The core of the naval forces included the ten dreadnoughts of the South Carolina (1906), Delaware (1909), Florida (1909), Wyoming (1911) and New York classes (1912). The first displaced 17,000 tons, the last 28 000 tons. In addition to this already substantial force, the US Navy fielded 22 older battleships, but the bulk of it was launched in the 1901 to 1906 years. They were the USS Iowa, Indiana (1893), Kearsarge (1898), Illinois (1898), Maine (1901), Virginia (1904), Connecticut (1904), Vermont (1905). Two were removed from lists following their transfer to Greece in July 1914: This was the USS Missisippi and Idaho, which became Kilkis and Lemnos. Alongside these ships, there were the famous monitors, a tradition which was maintained since the 1860s, yet with extremely powerful ships with a shallow draft, but reduced marine qualities. The USS Puritan (1882) was in reserve since 1910, followed by the four Amphitrite (1883), sent to the Far East, the USS Monterey (1891) and especially the four Arkansas, renamed in 1909 and relegated to secondary roles.
Documentary about Alfred Thayer Mahan.
USS Atlanta, first American cruiser of the “new navy” (1884)
The most powerful Armoured were those of the Pennsylvania (1903) and Tennessee (1905) classes, between 13,700 and 14,500 tonnes. Both were veterans of the War of 1898, the USS Brooklyn (1895) and the old USS New York being renamed Saratoga. To these 12 cruisers, were added 25 more light cruisers, the three Chester (1907), the three St. Louis (1904), the six Denver (1903). There were a number of much older cruisers, New Orleans class (1896), Columbia (1893), Montgomery (1892), Cincinnati (1892) and unique ships of the USS Olympia, San Francisco, Philadelphia, Baltimore, Newark, Chicago and Boston, dated from 1884, relegated to training duties.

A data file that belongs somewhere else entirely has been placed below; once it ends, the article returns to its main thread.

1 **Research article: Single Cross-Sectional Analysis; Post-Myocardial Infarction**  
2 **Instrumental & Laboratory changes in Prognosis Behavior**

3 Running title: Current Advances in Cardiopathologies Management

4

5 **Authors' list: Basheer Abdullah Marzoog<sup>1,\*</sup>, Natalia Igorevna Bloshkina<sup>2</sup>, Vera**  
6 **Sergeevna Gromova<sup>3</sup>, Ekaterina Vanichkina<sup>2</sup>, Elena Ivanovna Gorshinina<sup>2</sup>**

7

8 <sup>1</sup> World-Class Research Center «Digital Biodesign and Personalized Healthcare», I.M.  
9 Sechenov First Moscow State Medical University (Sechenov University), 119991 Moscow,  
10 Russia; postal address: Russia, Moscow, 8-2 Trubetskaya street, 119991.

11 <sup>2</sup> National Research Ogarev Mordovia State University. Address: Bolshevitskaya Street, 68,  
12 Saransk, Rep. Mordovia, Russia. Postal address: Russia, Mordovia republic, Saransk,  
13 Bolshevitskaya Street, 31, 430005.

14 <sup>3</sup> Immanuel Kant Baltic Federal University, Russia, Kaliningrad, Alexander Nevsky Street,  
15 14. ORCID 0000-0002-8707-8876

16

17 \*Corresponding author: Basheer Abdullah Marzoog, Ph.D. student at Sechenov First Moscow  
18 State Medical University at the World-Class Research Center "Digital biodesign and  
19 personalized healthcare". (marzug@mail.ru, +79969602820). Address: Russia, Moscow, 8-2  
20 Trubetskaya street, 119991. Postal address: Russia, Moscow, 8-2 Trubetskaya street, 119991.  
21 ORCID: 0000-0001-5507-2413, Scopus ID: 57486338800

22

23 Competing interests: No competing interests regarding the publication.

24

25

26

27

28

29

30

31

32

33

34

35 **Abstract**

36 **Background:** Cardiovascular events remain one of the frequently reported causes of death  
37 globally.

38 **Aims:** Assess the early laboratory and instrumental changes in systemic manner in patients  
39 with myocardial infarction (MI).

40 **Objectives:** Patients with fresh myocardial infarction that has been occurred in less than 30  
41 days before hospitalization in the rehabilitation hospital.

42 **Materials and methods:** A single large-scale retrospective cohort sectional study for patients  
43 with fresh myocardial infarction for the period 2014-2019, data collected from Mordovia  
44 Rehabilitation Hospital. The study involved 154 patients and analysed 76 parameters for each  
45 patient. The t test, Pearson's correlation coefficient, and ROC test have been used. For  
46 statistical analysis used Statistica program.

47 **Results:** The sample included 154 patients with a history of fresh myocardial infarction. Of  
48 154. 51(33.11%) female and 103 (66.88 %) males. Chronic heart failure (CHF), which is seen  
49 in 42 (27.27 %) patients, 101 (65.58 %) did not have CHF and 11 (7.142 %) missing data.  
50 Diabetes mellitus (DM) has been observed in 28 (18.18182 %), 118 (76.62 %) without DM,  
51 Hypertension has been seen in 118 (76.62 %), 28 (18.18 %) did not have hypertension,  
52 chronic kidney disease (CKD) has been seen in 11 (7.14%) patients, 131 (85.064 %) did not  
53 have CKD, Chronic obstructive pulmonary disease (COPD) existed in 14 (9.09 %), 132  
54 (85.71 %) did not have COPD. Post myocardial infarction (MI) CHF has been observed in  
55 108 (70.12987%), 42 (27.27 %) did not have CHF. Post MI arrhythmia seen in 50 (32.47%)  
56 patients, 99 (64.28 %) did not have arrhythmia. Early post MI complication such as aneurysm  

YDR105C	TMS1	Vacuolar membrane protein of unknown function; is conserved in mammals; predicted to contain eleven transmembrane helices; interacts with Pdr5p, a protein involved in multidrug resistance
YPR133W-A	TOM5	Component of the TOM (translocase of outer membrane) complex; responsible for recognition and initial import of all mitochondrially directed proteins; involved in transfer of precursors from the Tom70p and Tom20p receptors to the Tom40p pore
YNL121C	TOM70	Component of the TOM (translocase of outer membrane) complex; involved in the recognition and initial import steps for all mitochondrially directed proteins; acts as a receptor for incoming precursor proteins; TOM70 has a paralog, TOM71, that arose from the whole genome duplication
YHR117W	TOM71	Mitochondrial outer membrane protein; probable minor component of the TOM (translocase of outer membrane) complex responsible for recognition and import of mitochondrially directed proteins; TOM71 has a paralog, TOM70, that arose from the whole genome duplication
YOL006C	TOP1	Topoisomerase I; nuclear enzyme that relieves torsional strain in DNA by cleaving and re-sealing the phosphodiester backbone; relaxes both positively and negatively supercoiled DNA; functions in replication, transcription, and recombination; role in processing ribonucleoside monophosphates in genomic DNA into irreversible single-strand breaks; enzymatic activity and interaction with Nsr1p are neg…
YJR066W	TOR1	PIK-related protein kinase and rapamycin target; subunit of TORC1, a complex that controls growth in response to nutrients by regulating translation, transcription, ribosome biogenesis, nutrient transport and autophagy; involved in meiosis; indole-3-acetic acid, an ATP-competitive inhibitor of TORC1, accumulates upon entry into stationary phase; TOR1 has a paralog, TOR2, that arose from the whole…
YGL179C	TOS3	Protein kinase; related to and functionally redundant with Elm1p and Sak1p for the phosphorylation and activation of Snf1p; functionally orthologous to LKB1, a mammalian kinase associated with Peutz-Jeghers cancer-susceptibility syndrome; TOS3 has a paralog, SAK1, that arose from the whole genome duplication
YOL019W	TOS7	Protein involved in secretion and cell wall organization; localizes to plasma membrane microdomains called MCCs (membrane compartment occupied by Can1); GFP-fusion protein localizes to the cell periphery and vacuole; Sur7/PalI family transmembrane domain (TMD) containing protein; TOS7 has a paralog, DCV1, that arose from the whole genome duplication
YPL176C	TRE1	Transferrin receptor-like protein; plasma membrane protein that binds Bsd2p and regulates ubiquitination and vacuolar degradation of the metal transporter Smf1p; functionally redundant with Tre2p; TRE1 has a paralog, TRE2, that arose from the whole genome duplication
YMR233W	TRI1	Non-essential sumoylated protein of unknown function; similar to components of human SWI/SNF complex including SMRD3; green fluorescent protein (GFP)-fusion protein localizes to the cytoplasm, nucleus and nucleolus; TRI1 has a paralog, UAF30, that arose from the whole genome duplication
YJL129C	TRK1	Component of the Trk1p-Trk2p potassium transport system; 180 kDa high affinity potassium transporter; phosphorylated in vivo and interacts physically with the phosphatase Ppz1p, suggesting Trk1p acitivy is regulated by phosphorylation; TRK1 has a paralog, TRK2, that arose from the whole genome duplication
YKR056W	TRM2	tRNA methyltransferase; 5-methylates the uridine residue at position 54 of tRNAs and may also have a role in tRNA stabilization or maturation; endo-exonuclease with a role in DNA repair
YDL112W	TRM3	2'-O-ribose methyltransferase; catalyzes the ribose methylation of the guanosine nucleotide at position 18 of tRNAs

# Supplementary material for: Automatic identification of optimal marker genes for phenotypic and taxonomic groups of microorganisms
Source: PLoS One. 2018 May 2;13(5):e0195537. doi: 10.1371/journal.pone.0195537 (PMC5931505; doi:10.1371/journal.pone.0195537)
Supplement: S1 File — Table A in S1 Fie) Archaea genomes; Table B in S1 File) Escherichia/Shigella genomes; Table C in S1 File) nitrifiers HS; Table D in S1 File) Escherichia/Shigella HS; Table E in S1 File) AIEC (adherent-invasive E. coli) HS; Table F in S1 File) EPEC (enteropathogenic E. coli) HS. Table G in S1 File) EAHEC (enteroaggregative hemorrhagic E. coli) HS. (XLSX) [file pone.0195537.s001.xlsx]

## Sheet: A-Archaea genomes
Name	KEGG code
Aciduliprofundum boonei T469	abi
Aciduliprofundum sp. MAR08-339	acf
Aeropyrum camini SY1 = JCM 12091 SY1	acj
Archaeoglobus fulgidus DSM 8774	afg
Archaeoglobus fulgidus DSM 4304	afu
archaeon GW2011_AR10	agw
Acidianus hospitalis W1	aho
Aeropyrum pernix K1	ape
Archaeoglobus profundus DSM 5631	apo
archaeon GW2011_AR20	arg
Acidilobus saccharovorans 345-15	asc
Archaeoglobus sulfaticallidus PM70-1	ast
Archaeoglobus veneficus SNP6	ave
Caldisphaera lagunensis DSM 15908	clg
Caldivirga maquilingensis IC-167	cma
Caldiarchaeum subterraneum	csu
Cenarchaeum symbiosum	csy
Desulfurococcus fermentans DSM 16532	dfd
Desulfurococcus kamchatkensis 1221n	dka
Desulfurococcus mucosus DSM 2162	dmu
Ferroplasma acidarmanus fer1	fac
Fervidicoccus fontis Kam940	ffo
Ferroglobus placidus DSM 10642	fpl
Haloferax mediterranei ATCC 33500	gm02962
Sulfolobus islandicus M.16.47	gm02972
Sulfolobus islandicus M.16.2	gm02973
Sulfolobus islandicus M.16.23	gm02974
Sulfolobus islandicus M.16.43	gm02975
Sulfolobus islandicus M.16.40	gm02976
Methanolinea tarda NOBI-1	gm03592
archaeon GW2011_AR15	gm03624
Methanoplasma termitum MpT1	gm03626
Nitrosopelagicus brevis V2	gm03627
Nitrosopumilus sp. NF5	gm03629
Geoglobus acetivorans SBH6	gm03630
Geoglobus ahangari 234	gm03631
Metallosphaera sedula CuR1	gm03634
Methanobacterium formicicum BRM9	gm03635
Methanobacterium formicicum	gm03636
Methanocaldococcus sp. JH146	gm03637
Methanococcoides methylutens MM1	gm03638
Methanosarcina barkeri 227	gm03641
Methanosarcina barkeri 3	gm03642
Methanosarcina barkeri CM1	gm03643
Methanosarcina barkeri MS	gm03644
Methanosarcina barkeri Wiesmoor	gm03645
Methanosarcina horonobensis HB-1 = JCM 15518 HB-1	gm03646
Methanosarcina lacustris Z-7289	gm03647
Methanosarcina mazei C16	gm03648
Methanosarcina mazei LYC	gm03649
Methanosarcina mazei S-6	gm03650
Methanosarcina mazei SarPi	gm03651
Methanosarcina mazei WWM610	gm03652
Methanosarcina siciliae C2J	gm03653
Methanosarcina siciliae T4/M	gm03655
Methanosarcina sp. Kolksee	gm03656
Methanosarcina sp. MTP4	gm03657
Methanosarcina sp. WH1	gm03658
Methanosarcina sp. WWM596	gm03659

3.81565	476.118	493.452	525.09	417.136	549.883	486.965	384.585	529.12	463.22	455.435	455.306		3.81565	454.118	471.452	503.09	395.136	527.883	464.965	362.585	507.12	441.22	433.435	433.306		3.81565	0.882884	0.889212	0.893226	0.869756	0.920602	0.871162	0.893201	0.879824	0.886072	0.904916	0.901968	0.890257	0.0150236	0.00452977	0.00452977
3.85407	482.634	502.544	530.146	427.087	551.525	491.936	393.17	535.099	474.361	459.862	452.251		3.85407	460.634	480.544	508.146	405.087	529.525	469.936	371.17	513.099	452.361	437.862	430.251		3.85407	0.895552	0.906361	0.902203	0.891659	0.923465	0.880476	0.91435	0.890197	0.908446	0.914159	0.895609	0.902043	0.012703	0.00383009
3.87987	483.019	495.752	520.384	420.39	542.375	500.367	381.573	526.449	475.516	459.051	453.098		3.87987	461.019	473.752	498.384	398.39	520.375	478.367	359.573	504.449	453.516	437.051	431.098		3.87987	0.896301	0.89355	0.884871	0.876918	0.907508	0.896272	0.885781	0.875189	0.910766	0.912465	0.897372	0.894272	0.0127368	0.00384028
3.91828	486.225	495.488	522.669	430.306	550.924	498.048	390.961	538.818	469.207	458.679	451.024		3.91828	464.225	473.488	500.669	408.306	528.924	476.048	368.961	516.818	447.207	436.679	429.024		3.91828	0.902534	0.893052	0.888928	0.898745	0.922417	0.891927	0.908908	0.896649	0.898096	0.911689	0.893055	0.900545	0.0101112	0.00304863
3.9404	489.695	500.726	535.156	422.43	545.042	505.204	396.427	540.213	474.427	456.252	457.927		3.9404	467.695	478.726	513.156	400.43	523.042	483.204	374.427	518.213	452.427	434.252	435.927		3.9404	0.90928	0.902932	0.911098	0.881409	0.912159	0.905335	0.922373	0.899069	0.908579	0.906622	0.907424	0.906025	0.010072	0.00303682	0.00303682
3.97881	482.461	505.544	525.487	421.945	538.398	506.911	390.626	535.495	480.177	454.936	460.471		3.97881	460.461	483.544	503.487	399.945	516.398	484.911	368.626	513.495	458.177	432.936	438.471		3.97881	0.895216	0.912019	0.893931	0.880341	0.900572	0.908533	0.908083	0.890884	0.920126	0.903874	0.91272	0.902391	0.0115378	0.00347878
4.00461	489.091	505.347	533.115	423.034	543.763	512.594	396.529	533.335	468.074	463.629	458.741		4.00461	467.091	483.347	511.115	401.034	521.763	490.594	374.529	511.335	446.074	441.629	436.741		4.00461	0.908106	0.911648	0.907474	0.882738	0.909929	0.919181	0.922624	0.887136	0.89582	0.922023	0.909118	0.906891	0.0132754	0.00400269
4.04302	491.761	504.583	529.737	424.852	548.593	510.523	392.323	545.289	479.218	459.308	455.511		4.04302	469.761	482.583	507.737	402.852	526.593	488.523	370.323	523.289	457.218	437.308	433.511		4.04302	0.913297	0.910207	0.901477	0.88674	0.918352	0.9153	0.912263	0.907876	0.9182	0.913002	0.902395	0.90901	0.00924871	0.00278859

The Great White Fleet in 1910.
This force was part of the policy of maintaining peace in the American sphere of influence. Some had a significant firepower, worthy of a cruiser: USS Sacramento, Monocacy and Palos were recent, but the US Navy operated also the USS Yorktown (1889), Petrel (1888), Machias (1891), Nashville (1895), the two Wilmington (1896), and the four Annapolis (1896), the two Wheeling (1897), and the two Dubuque (1904). Former Spanish Isla de Luzon and Don Juan of Austria were used as training ships, and the Isla de Cuba was sold to the Venezuelan navy in 1912. In addition about 16 low military value, small gunboats were former Spanish captured ships in the Philippines, Cuba and on various theaters of operations.
USS Tutuila, gunboat (1921)
Developed in 1900, these destroyers were modern and powerful, divided into homogeneous classes. These were the five of the Bainbridge class (1900), two Hopkins (1902), two Lawrence (1900), three Paul Jones (1901), and the USS Stewart (1902). All are closely related to the Bainbridge. These were the three Truxton (1902) close to the Hopkins, but larger. They were used intensively and it was not until 1909 that a new standard was imposed, with the 5 units of the Smith class, which were much larger and heavier. The 10 of the Paulding class (1910), were followed by the 11 of the Monaghan (1911) and finally 8 of the Cassin classes (1913). In all, 45 destroyers, which were quite efficient and comparable to the Japanese and British units.